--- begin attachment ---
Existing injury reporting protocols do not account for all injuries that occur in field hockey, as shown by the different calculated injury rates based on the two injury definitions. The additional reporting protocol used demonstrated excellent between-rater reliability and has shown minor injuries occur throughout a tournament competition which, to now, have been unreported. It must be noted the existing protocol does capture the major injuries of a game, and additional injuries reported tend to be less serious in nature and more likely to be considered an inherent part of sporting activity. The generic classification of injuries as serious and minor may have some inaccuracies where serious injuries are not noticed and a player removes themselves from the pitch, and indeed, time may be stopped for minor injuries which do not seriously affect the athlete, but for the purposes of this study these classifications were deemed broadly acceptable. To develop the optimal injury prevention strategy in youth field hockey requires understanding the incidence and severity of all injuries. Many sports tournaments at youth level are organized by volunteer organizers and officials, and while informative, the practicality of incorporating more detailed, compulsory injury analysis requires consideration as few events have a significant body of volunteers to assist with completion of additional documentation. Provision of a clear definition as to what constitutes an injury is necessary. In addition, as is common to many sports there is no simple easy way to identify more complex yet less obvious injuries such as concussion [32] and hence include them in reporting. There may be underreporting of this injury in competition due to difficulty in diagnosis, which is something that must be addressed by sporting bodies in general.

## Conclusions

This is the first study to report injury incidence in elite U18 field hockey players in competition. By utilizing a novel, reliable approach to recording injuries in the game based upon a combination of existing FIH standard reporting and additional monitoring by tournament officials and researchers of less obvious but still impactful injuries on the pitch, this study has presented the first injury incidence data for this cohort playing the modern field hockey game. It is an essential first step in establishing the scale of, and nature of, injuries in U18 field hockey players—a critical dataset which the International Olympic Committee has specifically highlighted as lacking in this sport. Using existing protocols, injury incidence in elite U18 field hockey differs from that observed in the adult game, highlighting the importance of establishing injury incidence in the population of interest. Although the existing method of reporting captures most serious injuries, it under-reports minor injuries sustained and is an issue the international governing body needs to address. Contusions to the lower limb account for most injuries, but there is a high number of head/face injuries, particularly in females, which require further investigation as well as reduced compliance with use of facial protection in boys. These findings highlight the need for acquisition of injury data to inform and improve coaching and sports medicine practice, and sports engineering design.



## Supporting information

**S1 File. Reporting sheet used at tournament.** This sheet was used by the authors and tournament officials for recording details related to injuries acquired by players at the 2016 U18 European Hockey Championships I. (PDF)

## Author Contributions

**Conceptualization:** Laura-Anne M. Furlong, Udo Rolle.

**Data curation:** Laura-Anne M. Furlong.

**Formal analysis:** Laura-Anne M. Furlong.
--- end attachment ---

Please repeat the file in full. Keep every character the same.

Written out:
Existing injury reporting protocols do not account for all injuries that occur in field hockey, as shown by the different calculated injury rates based on the two injury definitions. The additional reporting protocol used demonstrated excellent between-rater reliability and has shown minor injuries occur throughout a tournament competition which, to now, have been unreported. It must be noted the existing protocol does capture the major injuries of a game, and additional injuries reported tend to be less serious in nature and more likely to be considered an inherent part of sporting activity. The generic classification of injuries as serious and minor may have some inaccuracies where serious injuries are not noticed and a player removes themselves from the pitch, and indeed, time may be stopped for minor injuries which do not seriously affect the athlete, but for the purposes of this study these classifications were deemed broadly acceptable. To develop the optimal injury prevention strategy in youth field hockey requires understanding the incidence and severity of all injuries. Many sports tournaments at youth level are organized by volunteer organizers and officials, and while informative, the practicality of incorporating more detailed, compulsory injury analysis requires consideration as few events have a significant body of volunteers to assist with completion of additional documentation. Provision of a clear definition as to what constitutes an injury is necessary. In addition, as is common to many sports there is no simple easy way to identify more complex yet less obvious injuries such as concussion [32] and hence include them in reporting. There may be underreporting of this injury in competition due to difficulty in diagnosis, which is something that must be addressed by sporting bodies in general.

## Conclusions

This is the first study to report injury incidence in elite U18 field hockey players in competition. By utilizing a novel, reliable approach to recording injuries in the game based upon a combination of existing FIH standard reporting and additional monitoring by tournament officials and researchers of less obvious but still impactful injuries on the pitch, this study has presented the first injury incidence data for this cohort playing the modern field hockey game. It is an essential first step in establishing the scale of, and nature of, injuries in U18 field hockey players—a critical dataset which the International Olympic Committee has specifically highlighted as lacking in this sport. Using existing protocols, injury incidence in elite U18 field hockey differs from that observed in the adult game, highlighting the importance of establishing injury incidence in the population of interest. Although the existing method of reporting captures most serious injuries, it under-reports minor injuries sustained and is an issue the international governing body needs to address. Contusions to the lower limb account for most injuries, but there is a high number of head/face injuries, particularly in females, which require further investigation as well as reduced compliance with use of facial protection in boys. These findings highlight the need for acquisition of injury data to inform and improve coaching and sports medicine practice, and sports engineering design.



## Supporting information

**S1 File. Reporting sheet used at tournament.** This sheet was used by the authors and tournament officials for recording details related to injuries acquired by players at the 2016 U18 European Hockey Championships I. (PDF)

## Author Contributions

**Conceptualization:** Laura-Anne M. Furlong, Udo Rolle.

**Data curation:** Laura-Anne M. Furlong.

**Formal analysis:** Laura-Anne M. Furlong.